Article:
1. Mordern Love: The Podcast
Modern Love has long been a staple column of the New York Times as a weekly glimpse into the surprises and tribulations of modern dating and relationships. Modern Love: The Podcast brings these stories to life with readings from actors such as Broadway star Lauren Molina and American Horror Story actress Sarah Paulson. Listeners are also privy to a follow-up interview with the author, where the epilogue of their sometimes-successful, sometimes-harrowing tales brings to life the diversity and oddity of modern life.
Best Episode: Episode 4: “An Interlude of Clarity.” The perfect date ends in the emergency room and just gets better from there- for a little while. Brian Gittis’ tale reveals that it’s okay if a magical night doesn’t last.
2. Not Too Deep with Grace Helbig
True to its name, Not Too Deep avoids profundity and instead dives into the absurdities of the everyday and imagination with questions like “Who would you throw a plate of cold spaghetti at?” and “What is your favorite emoji and why?” In Not Too Deep YouTube star and author Grace Helbig chats with other YouTubers and celebrities of the so-called “internet space” about their projects as well as some of their most ridiculous life stories, such as Uber rides, Tinder dates, and fan encounters. Helbig’s slightly awkward but endearing sense of humor works wonderfully in tandem with the wide range of humor and creativity showcased in her guests. Internet sensation Tyler Oakley, singer and YouTuber Troye Sivan, and EpicMealTime star Harley Morenstein are among some of the most entertaining visitors to the podcast.
Best Episode: “Ep. 25 with Shane Dawson.” The stories Shane shares in this episode are just as outrageous and hilarious as his personality. In one a Craigslist encounter goes terribly, terribly wrong; in another Shane meets LA’s craziest Uber driver.
3. The New Yorker Radio Hour
The New Yorker Radio Hour has all the virtues of The New Yorker in podcast form: impeccable style, content, and production distilled into an hour of easygoing conversation. Host David Remnick’s interviews are thoughtful, sensitive, and playful. The podcast features a variety of artists, writers, musicians, politicians, and stories about and interviews with other fascinating personalities. It showcases a vast spectrum of human passion and creativity with a mash up of essays, interviews, and dramas (in one interview director Charlie Kaufman “talks puppet sex and existential dread during a tour of the Whitney Museum; in another two cartoonists discuss “the virtues of dogs versus cats, and other big questions of the cartoon world”). If the weekly magazine is too long or too much to keep up with this is the podcast for you.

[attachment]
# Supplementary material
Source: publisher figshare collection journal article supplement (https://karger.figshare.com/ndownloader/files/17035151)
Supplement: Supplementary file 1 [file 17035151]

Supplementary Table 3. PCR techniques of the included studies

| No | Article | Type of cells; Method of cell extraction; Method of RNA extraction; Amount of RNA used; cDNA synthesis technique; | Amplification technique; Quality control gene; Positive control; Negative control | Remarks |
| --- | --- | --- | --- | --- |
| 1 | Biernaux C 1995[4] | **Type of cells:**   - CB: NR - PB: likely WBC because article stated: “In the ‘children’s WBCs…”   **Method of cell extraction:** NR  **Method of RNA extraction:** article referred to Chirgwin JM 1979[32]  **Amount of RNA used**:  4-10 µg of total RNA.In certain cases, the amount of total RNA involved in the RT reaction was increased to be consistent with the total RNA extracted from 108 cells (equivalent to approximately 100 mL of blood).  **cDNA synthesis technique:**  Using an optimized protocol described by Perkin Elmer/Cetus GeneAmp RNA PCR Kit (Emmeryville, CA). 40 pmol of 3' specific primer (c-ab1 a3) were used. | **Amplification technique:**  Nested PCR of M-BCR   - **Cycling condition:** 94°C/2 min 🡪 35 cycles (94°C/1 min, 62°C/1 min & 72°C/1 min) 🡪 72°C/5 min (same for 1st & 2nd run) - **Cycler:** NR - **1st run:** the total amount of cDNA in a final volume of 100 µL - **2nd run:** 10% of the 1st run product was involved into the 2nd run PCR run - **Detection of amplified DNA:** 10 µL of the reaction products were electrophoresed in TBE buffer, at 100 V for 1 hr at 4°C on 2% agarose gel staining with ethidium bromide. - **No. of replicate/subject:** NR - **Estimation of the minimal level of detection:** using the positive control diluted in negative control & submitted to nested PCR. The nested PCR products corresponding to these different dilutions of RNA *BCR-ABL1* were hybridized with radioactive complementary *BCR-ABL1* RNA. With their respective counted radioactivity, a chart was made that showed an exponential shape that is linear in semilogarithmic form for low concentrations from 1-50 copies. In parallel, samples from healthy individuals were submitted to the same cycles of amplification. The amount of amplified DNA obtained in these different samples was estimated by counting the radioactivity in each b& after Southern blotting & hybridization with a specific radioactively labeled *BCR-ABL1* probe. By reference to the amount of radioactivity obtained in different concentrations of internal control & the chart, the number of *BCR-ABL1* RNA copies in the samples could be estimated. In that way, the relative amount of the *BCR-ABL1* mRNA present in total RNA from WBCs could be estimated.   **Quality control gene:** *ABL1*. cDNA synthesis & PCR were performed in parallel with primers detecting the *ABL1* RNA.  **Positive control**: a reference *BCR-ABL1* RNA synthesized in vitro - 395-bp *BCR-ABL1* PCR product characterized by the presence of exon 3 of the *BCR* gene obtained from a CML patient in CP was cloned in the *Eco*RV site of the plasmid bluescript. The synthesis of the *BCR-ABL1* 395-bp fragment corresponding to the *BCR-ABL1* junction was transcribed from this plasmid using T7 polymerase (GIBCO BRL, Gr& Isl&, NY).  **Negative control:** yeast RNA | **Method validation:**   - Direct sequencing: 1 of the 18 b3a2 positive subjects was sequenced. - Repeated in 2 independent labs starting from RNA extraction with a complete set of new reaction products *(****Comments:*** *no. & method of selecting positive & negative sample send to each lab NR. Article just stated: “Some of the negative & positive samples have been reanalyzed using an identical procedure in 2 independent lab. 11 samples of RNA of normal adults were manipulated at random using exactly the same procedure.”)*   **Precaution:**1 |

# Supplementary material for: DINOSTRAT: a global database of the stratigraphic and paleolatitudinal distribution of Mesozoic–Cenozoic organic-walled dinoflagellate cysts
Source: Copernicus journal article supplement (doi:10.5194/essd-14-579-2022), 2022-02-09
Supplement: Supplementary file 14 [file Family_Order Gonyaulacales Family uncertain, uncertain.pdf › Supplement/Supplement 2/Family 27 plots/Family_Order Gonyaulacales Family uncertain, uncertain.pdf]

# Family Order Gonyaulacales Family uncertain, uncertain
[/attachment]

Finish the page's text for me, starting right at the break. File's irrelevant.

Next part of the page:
Best Episode: “Episode 6: Two Writers and a Rock Star Onstage,” featuring Patti Smith and fiction writers Jonathan Safran Foer and George Saunders. Patti Smith discusses her new book M Train, a memoir and love story to New York, poetry, travel, and the smaller things in life.
This science podcast covers a broad range of topics, investigating how science, culture and history intersect in ways that we don’t often consider. Each hour-long episode includes three segments that relate to a particular idea—like colours, words, or the Galapagos Islands—and challenges the listener to approach this idea from a novel angle. Often, an episode can succeed in altering the way we experience and appreciate our world and question aspects of life that are taken for granted. Hosts Jad Abumrad and Robert Krulwich gather interviews and information from both experts and average people with particularly interesting stories to tell.
Best Episode: “Update: New Normal,” investigates whether humanity has the capacity to permanently change ingrained aspects of its behaviour through stories about a commune of peaceful baboons, domesticated foxes, and America’s first transgender mayor.
5. This American Life
This American Life is a weekly podcast that explores a theme through first person accounts of moving life stories. Often, segments explore relevant experiences and current events in an innovative, ironic and humorous way. This podcast is particularly good at getting listeners to see banal everyday situations, like online trolling, calling the wrong number, and unfunny parent jokes, in a new and insightful light.
Best Episode: “If You Don’t Have Anything Nice to Say, SAY IT IN ALL CAPS” recounts three instances of the internet turning on everyday people. Looking at the issue from the perspective of both victim and troll, this episode addresses human universals in a way that makes you feel for the faceless bullies behind your computer screen.